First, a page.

Tuesday, December 18, 2012

Would he help?

The Boston Globe reports that the private equity firm that owns the Steward Health Care System of for-profit hospitals also owns the company that makes the semiautomatic rifle used in the recent Newtown, CT, murders.  An excerpt:

Cerberus is one of the most powerful forces in the gun business. It owns Freedom Group Inc., a Madison, N.C., company that is the nation’s largest seller of firearms and the number two seller of ammunition. Freedom, according to its annual report, sold 1.1 million long guns and 2 billion rounds of ammunition that generated $775 million in sales last year.

Together with its gun brands, from Bushmaster to Remington, Freedom is a major contributor to the National Rifle Association and the fight against gun control, according to the Violence Policy Center, a Washington group that tracks corporate funding of gun advocacy.

Does this raise concerns of split purpose?  Dr. Robert D. Sege, director of ambulatory pediatrics at Boston Medical Center and coauthor of a policy statement on gun control by the American Academy of Pediatrics, seems to think so:

If Cerberus is not working for laws to make guns and the community safer, he said, “At the very least it calls into question the overall aims of Cerberus Capital.”

The story notes that the Cerberus officials and the Steward CEO were not available for comment.  It wasn't so long ago that the latter person hosted President Obama at his home during the campaign.  If they had a chance to meet now, would the topic be health care or guns?  Isn't it a good time for this hospital CEO to offer to use his bully-pulpit to help the President make the case to reduce the danger of assault weapons?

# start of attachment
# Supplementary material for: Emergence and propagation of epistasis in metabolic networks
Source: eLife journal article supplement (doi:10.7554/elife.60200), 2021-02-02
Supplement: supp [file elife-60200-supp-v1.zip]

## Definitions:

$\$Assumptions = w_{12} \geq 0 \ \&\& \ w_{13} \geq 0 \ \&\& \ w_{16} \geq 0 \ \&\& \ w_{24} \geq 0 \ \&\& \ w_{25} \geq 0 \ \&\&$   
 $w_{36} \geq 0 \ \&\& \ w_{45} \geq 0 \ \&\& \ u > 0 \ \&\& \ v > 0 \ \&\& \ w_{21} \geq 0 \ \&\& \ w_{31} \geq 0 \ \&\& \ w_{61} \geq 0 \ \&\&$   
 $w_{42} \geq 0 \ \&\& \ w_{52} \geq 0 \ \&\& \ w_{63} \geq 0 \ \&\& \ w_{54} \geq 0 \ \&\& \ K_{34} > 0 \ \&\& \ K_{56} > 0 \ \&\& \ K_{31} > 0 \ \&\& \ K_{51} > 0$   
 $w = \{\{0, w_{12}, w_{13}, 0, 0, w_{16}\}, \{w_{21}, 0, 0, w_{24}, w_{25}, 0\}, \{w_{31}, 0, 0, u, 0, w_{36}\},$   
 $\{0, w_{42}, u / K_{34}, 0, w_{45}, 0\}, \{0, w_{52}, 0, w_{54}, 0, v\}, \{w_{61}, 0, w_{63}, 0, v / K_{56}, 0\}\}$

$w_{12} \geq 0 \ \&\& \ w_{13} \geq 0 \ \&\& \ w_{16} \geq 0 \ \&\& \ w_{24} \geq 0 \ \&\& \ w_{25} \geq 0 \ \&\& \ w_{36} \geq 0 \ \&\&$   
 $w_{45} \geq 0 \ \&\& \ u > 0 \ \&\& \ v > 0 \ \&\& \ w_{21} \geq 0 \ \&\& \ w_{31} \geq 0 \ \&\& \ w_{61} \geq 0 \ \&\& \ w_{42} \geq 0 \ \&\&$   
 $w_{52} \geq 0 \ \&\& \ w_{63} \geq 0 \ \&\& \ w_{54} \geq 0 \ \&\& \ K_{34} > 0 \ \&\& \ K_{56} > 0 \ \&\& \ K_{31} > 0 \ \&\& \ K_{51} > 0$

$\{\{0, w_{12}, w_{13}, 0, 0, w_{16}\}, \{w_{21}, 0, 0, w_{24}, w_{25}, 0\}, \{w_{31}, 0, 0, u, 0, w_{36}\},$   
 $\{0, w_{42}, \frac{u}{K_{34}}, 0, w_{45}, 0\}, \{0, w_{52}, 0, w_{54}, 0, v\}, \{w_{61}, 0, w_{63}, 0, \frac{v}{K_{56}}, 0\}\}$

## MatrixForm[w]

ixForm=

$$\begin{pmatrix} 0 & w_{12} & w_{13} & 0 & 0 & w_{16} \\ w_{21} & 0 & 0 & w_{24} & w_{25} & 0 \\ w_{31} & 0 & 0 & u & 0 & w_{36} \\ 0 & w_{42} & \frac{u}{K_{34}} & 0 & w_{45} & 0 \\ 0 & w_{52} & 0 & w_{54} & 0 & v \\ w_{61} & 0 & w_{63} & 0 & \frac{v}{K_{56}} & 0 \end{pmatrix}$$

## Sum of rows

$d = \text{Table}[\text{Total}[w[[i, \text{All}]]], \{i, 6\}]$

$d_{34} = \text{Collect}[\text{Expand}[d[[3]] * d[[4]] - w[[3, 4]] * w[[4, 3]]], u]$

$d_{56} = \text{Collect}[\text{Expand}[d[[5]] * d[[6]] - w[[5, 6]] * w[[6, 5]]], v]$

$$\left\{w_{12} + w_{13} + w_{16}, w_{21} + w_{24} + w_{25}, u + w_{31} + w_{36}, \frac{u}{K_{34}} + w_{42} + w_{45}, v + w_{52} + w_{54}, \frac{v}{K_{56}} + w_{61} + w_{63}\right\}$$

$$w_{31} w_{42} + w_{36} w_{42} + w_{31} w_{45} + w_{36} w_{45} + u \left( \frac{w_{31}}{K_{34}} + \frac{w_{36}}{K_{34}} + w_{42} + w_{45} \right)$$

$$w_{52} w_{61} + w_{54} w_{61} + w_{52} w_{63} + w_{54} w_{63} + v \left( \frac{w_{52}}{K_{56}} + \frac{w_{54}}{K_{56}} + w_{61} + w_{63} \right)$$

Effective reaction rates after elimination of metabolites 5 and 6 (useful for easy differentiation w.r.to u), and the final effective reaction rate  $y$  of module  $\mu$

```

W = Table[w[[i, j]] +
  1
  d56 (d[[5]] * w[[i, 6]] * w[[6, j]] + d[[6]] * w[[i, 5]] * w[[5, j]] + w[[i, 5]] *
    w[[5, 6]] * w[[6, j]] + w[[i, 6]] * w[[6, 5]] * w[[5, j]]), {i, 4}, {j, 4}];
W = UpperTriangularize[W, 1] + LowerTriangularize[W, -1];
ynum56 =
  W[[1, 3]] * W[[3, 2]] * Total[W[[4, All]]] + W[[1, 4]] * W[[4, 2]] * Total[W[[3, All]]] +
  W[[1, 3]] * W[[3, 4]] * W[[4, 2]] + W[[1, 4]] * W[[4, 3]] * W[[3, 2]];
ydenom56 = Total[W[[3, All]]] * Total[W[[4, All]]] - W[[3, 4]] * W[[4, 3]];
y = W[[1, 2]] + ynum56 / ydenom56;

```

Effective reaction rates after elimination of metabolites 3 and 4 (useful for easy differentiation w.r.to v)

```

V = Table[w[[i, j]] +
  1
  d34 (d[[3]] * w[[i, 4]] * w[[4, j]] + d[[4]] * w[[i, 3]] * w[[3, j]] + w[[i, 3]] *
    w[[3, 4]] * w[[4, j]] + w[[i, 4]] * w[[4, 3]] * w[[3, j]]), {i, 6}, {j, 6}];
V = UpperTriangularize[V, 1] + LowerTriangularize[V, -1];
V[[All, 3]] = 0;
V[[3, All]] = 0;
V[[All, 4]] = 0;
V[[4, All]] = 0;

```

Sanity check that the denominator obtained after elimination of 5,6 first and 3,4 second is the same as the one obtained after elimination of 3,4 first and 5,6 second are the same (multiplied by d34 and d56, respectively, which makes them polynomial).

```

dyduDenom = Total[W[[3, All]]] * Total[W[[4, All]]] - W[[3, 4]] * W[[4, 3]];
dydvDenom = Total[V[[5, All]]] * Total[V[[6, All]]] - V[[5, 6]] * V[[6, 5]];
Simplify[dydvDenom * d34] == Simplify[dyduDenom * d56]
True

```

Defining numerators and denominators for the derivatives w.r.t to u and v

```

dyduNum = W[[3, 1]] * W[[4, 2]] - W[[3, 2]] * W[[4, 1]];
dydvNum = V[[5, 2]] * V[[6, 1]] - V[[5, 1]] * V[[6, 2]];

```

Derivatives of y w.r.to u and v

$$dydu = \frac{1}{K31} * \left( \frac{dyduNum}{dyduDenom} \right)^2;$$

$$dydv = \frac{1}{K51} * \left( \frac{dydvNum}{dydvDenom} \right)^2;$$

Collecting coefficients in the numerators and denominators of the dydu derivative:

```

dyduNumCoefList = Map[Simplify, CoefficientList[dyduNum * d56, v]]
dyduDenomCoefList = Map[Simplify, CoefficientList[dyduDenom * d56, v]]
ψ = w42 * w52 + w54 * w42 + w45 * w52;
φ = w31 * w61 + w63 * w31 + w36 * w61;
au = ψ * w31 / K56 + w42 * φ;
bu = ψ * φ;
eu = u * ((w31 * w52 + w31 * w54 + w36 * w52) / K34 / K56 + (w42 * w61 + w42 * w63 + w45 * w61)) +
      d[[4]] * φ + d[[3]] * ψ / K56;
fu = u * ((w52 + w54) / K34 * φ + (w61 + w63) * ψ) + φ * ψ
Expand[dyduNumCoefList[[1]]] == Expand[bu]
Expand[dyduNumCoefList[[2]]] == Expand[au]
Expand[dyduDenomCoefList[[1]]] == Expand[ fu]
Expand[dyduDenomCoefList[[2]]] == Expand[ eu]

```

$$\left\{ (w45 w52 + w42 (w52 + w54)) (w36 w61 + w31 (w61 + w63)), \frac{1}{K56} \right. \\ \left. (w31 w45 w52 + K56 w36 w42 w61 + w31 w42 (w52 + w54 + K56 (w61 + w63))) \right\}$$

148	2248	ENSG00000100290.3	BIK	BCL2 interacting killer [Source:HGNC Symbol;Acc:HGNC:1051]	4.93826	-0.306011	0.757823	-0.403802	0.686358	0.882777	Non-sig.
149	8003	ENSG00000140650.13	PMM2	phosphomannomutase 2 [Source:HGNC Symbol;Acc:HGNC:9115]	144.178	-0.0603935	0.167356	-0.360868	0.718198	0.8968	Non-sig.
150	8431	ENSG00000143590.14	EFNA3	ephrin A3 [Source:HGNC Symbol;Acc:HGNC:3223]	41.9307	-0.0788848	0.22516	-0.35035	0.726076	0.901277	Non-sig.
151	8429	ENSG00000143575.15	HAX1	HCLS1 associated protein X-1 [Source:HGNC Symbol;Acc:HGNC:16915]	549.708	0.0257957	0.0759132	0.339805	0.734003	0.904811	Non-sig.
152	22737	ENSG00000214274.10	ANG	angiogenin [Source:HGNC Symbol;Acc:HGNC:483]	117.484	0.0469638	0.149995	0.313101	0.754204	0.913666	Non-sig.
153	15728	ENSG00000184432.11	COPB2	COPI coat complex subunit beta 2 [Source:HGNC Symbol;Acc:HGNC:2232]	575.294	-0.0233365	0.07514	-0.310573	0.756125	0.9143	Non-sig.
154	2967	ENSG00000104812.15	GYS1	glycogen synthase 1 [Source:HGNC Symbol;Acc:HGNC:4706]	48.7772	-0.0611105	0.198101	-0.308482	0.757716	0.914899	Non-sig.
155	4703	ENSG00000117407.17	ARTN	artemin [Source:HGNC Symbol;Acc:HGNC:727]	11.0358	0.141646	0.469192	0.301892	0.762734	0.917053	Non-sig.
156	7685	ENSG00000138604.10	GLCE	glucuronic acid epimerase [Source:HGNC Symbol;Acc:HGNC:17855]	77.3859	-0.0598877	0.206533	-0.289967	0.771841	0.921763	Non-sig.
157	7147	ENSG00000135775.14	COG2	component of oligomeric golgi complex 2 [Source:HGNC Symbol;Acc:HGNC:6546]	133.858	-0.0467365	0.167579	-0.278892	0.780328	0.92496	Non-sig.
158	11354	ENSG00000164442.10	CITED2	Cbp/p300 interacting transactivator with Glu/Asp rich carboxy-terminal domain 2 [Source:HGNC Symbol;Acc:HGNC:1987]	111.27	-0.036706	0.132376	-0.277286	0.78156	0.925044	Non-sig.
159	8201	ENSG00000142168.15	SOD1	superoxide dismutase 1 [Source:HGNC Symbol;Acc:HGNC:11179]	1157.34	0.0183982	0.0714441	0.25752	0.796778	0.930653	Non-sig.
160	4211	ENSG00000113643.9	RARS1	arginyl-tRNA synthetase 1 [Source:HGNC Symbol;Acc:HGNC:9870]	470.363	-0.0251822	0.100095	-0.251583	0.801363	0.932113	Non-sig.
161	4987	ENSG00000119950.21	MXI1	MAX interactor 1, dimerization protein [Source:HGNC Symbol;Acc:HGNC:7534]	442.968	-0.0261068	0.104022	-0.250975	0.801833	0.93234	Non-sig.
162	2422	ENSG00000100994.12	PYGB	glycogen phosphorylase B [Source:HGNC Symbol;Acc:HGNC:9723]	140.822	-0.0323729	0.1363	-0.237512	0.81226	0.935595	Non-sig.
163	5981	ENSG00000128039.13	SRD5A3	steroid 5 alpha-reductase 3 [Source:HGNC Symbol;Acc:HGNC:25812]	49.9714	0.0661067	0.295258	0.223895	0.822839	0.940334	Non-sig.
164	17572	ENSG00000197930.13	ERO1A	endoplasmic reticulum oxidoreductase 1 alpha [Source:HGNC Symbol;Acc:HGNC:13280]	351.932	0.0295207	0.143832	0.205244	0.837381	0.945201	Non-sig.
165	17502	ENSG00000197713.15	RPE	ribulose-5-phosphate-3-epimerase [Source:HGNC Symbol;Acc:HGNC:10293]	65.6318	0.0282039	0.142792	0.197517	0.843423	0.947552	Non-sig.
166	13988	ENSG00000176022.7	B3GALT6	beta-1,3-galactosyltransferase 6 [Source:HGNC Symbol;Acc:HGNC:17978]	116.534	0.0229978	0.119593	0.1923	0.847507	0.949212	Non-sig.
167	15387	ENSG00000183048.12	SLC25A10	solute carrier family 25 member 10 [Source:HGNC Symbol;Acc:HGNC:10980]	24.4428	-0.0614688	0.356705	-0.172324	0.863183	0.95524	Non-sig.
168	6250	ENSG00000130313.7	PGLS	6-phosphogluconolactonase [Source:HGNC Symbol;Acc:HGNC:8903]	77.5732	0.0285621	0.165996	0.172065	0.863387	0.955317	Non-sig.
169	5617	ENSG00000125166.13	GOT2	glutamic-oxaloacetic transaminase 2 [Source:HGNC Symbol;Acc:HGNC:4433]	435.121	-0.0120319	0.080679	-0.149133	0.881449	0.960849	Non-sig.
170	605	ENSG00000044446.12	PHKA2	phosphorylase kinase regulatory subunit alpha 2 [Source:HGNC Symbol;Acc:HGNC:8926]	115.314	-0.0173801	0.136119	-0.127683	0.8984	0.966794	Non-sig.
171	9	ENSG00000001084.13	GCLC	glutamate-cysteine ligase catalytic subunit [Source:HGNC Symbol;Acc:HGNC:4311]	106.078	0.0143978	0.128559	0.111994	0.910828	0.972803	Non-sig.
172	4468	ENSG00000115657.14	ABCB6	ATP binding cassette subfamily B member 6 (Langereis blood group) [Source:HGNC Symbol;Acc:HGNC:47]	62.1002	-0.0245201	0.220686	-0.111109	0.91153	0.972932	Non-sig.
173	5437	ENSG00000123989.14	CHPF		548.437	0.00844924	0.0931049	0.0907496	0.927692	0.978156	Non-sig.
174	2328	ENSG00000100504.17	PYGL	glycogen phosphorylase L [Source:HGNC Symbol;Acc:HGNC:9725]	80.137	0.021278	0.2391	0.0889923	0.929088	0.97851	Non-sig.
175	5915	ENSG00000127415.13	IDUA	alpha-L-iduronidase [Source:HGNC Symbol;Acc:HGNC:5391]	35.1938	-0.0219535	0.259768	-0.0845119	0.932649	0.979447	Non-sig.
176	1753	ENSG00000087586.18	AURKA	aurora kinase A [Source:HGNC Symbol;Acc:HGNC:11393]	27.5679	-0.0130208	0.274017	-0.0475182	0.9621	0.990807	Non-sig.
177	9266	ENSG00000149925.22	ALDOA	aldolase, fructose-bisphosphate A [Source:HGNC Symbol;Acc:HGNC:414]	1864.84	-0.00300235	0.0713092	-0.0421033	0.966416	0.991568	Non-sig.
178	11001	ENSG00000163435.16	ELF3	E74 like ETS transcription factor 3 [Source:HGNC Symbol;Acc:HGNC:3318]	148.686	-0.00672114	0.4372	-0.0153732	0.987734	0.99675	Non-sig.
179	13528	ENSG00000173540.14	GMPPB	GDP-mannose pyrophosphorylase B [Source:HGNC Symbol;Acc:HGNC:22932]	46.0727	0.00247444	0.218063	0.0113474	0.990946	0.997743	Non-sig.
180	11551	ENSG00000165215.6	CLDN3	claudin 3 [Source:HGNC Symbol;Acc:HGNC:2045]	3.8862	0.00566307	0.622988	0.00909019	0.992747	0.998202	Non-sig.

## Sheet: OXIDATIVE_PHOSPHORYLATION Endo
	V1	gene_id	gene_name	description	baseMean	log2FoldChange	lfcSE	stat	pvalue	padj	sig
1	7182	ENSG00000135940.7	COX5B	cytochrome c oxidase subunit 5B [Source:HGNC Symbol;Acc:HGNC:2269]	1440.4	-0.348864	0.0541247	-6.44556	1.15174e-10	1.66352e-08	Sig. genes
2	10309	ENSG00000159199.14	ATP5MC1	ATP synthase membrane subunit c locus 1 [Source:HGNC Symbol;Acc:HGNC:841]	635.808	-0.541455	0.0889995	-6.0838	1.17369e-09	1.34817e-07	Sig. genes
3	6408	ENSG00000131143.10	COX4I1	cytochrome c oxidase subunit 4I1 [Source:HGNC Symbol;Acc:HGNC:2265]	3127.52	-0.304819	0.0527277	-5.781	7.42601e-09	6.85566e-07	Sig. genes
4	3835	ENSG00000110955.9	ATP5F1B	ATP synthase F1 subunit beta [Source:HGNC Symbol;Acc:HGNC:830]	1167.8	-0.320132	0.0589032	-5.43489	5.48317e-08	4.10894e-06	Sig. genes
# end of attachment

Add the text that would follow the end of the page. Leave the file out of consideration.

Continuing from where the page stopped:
(While we are at it, how about other hospital CEOs, even the ones who don't have partners in the weapon business?)


Addendum:  I just learned that Cerberus plans to sell its interest in this gun company, as it was facing pressure from its investors. "The announcement comes one day after the California State Teachers Retirement System, a large pension fund, told The Wall Street Journal that it was reviewing its $500 million investment commitment to Cerberus because of the firm's stake in Freedom Group." Perhaps that will make the choice easier for the CEO.

1 comment:

Roy M. Poses MD said...

In 2011, on Health Care Renewal, we discussed how Cerberus owns both Freedom Group, which makes firearms and ammunition, and Dyncorp, a contracting firm widely used by the military in Iraq and Afghanistan, and accused by some of providing "mercenaries." See: http://hcrenewal.blogspot.com/2011/02/send-mercenaries-guns-and-money.html

There have been questions for a while whether Cerberus ever puts any considerations ahead of short-term revenue, and whether it is good for society for such a firm to own hospitals and employ doctors.